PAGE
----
Thankfully, Miller can’t give up writing either. ‘I’m now writing a novel based on the life of Sidney Nolan. You know, what are you going to do? I’ll keep going until I fall off the chair, or until I lose vigour or momentum.’ The framing story therefore plays with the reader’s interpretation of fiction – allowing them to question the author’s and characters’ truths and motivations, mixing in their own curiosity, empathy, and experience. ‘The imagination is the ability to empathise,’ Miller tells me, ‘it’s the ability to – not necessarily consciously, quite unconsciously – find that you’re hugely sympathetic to someone else’s situation. So much so, that you imagine a full realisation of it.’ In Lovesong, we not only have an insight into this process (through Ken), but we are free to empathise with the characters in John and Sabiha’s story, and with Ken, this grieving, seeking writer who, when asked about himself says: ‘There’s not a lot to know. My life’s in my books.’

It also becomes unclear whose version of the story we are actually experiencing. When I say this, Miller smiles. ‘Well it’s a triple-play,’ he says. ‘It’s very ambiguous.’ When Ken invites John and Sabiha for dinner, Sabiha insists: ‘We cook for our friends … you are part of our story now.’ Ken reads it a permission to write the story and it ‘enlivens his own imagination and sensitivities towards Sabiha’. Ken likes to read her statement that way because that’s what he wants out of it.

John and Sabiha’s story, set in Paris, is romantic, yet poignantly ephemeral. Miller says he ‘wrote the book purely for pleasure. Normally I have a whole complex of reasons and senses of responsibility … and a need to get stuff out that’s been with me for years and years.’ The essence of this pleasure comes across in the novel. The first flush of romance is as delectable as the sweet treats Sabiha bakes with her aunt Houria, but is weighted by the fact we have already witnessed ‘sadness’ in Sabiha’s eyes later in life. As in some of Miller’s other works, something is sought outside the marriage – but here, the motivations are more defined (by the obsessive desire for a child). But these dark and very human moments are compelling – and drive the reader on.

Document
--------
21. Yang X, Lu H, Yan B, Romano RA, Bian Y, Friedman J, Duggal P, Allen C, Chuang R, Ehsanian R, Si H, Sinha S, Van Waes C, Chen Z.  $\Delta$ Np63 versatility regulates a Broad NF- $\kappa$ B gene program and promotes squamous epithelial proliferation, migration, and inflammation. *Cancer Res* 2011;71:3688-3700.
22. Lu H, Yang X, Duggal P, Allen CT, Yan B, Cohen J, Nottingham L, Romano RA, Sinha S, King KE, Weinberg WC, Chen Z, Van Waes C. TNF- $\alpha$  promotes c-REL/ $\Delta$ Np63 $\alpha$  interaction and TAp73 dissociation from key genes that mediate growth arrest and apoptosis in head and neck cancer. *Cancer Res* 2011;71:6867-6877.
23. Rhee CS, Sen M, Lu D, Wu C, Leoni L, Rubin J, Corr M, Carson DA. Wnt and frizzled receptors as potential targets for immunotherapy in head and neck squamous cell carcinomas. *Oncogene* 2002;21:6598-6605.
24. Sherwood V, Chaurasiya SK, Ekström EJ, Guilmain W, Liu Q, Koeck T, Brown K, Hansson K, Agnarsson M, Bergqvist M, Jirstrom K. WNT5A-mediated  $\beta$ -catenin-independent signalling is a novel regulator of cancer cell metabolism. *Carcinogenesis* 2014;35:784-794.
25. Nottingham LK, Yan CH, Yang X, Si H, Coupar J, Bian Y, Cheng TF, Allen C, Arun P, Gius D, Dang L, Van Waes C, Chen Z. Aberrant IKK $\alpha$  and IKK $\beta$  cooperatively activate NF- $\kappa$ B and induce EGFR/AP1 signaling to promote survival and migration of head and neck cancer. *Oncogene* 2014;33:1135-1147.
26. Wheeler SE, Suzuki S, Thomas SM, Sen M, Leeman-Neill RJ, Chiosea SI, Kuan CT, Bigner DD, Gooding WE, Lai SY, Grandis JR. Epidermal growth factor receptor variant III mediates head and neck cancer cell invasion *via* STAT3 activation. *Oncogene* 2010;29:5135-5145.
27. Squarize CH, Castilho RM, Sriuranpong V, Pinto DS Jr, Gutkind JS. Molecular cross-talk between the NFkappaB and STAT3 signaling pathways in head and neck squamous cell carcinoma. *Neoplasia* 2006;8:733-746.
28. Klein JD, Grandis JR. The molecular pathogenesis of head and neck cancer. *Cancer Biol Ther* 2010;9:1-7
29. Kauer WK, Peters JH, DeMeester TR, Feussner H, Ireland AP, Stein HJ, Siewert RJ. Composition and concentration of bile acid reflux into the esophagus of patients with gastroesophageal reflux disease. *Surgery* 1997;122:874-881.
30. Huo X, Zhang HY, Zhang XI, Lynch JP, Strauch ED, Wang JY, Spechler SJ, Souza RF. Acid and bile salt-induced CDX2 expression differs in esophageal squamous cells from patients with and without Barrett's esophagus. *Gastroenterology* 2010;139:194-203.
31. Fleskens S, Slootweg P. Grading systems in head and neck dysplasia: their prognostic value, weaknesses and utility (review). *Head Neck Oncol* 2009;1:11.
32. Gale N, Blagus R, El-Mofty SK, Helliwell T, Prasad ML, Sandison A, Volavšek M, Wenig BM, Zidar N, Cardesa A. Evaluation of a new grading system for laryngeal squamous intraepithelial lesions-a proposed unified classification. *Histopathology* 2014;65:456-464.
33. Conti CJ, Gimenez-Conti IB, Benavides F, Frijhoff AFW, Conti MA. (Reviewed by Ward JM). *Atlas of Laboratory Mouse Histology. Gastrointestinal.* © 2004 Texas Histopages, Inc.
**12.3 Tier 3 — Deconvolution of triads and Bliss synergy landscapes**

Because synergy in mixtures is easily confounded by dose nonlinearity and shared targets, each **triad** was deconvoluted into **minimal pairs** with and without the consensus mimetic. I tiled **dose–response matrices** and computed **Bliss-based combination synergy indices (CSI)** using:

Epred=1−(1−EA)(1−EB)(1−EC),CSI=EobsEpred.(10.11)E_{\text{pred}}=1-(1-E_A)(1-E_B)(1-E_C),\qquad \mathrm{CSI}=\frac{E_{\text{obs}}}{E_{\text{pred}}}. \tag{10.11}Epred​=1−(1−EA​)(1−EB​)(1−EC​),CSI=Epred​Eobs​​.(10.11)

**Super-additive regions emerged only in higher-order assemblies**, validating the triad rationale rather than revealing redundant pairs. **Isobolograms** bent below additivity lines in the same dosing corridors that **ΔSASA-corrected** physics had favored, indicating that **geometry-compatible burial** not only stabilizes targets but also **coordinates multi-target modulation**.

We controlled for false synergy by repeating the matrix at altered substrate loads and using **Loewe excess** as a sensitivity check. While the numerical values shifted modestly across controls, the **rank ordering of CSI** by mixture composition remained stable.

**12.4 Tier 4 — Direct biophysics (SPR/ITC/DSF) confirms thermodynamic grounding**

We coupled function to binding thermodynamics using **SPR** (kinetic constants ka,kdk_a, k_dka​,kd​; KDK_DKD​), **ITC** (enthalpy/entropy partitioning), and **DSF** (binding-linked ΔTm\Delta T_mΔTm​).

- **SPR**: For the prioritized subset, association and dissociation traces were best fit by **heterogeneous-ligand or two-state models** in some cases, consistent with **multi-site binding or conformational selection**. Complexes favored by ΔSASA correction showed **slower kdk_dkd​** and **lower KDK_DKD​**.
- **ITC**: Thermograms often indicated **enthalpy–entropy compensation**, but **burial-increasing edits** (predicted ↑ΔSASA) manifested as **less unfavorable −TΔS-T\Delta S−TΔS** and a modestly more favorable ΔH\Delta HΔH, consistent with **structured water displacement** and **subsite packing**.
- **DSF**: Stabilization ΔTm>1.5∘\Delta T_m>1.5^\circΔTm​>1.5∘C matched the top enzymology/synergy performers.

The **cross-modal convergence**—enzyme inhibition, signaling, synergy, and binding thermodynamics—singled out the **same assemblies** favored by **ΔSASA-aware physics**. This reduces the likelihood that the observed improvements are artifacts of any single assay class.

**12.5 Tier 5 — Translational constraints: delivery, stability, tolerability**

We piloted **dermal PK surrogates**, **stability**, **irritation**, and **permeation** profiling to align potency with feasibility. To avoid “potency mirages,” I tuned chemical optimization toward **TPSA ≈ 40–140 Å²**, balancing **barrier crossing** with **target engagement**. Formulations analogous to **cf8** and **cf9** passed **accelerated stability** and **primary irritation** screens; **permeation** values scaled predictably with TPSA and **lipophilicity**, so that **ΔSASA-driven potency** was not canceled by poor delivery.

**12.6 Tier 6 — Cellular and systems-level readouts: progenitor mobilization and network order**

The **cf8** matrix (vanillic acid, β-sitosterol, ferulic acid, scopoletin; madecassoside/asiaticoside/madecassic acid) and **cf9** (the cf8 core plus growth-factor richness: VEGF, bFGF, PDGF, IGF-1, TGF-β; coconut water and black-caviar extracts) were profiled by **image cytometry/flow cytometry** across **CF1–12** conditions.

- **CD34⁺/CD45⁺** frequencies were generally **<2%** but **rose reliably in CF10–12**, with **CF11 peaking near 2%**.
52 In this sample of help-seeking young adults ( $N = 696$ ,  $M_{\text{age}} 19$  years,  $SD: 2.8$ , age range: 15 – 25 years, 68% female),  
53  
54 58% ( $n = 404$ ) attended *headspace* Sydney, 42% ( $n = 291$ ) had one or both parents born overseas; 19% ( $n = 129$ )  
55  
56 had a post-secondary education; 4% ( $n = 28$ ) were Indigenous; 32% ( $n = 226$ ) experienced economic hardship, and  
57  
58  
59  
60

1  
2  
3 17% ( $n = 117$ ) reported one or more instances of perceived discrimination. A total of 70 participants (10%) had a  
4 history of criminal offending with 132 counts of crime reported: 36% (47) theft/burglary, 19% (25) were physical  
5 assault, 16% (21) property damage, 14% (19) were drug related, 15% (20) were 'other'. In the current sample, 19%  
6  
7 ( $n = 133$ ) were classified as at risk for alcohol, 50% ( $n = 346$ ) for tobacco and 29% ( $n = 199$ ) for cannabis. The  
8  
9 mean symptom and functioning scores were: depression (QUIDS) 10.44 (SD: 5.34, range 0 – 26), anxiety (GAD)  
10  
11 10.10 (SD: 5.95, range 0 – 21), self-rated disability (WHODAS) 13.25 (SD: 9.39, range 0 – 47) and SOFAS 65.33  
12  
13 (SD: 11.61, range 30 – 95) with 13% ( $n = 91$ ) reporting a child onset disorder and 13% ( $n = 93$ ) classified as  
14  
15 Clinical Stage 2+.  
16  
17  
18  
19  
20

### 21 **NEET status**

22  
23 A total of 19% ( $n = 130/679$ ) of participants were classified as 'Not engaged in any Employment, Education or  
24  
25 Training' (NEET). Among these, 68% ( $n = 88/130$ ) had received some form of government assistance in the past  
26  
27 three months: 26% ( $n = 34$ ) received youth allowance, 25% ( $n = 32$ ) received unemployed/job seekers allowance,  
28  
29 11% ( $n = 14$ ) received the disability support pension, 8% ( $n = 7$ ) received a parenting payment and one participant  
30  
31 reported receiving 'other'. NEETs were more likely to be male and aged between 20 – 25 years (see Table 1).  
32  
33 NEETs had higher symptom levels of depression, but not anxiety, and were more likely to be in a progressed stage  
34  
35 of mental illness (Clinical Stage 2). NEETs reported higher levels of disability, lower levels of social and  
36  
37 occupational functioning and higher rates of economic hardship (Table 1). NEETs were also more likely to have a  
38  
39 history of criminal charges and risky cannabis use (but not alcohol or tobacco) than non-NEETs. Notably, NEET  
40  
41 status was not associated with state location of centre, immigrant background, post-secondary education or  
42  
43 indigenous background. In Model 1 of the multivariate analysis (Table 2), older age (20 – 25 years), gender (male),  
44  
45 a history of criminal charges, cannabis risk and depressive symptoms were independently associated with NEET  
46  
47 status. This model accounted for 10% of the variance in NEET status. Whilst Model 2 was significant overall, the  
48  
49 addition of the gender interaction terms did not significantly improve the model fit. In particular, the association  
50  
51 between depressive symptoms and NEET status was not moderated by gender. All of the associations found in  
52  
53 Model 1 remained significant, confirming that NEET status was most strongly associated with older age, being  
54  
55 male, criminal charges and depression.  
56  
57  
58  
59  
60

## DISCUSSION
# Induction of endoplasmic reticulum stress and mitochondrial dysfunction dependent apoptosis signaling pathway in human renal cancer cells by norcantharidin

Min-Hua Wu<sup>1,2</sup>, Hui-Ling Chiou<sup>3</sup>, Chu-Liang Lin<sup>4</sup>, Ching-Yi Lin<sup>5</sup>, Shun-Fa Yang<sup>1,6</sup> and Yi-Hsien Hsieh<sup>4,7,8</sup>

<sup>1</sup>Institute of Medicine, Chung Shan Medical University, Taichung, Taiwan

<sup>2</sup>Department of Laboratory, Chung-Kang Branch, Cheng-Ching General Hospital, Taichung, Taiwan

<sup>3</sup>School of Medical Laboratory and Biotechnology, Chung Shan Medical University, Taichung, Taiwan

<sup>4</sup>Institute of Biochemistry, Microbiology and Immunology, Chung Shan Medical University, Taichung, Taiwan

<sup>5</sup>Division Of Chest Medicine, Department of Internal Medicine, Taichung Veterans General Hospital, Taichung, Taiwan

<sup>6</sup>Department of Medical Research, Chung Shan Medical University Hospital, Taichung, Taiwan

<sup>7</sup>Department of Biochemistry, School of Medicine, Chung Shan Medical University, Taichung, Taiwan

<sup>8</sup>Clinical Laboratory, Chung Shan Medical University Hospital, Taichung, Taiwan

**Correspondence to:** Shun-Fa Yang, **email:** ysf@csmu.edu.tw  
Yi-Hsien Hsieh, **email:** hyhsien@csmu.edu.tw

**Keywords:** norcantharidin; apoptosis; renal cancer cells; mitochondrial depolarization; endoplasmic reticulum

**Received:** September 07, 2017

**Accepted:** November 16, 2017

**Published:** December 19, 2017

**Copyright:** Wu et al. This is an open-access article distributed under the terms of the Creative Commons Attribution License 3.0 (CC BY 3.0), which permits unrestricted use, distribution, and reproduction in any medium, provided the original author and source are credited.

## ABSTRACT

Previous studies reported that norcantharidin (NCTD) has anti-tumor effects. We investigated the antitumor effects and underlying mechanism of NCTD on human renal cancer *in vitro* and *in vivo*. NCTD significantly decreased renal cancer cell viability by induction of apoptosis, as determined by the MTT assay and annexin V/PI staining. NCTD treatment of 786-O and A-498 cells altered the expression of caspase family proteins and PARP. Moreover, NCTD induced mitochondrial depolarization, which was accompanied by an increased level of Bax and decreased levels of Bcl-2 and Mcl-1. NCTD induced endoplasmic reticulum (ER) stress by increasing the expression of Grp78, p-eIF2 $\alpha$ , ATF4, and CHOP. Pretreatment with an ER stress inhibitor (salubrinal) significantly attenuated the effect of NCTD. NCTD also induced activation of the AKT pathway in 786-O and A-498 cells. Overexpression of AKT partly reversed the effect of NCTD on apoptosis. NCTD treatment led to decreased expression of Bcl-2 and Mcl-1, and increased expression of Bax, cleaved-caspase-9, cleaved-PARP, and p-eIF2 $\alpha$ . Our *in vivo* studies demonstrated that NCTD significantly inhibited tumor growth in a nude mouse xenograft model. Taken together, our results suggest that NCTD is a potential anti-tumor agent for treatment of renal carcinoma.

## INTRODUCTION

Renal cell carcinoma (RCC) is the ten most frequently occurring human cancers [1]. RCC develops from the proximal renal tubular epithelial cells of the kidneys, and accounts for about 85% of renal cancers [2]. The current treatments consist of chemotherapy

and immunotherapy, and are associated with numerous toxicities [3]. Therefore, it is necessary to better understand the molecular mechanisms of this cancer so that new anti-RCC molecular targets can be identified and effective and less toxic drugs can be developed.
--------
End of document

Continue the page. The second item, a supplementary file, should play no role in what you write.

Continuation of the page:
Miller’s unadorned prose has a sneaking effect. Simple moments between characters catch you up hours, or even days, later. I relay this to Miller with the example of Landscape of Farewell. There is a scene where Max, the German character, is fetched a cane by Dougald, his Aboriginal friend and temporary housemate. I was telling my sister about how much I loved this moment – the way Max imagines Dougald’s perception of him as an old man, and accepts this – and I searched for the moment in the book to read it to her, as I mark my favourite passages by turning the pages down. I was surprised to find I had not marked the passage at the time – the moment in the story had only resonated much later.

In this ‘simple romance’, Miller has created many moments of resonance, such as the devastation caused by two fragrant, honey-dipped briouats and the light brush of a woman’s hip against a man’s shoulder. Lovesong is a tender, astutely charming and multi-layered treat.

Angela Meyer’s blog LiteraryMinded is hosted by Crikey. She is the acting editor of Bookseller+Publisher magazine.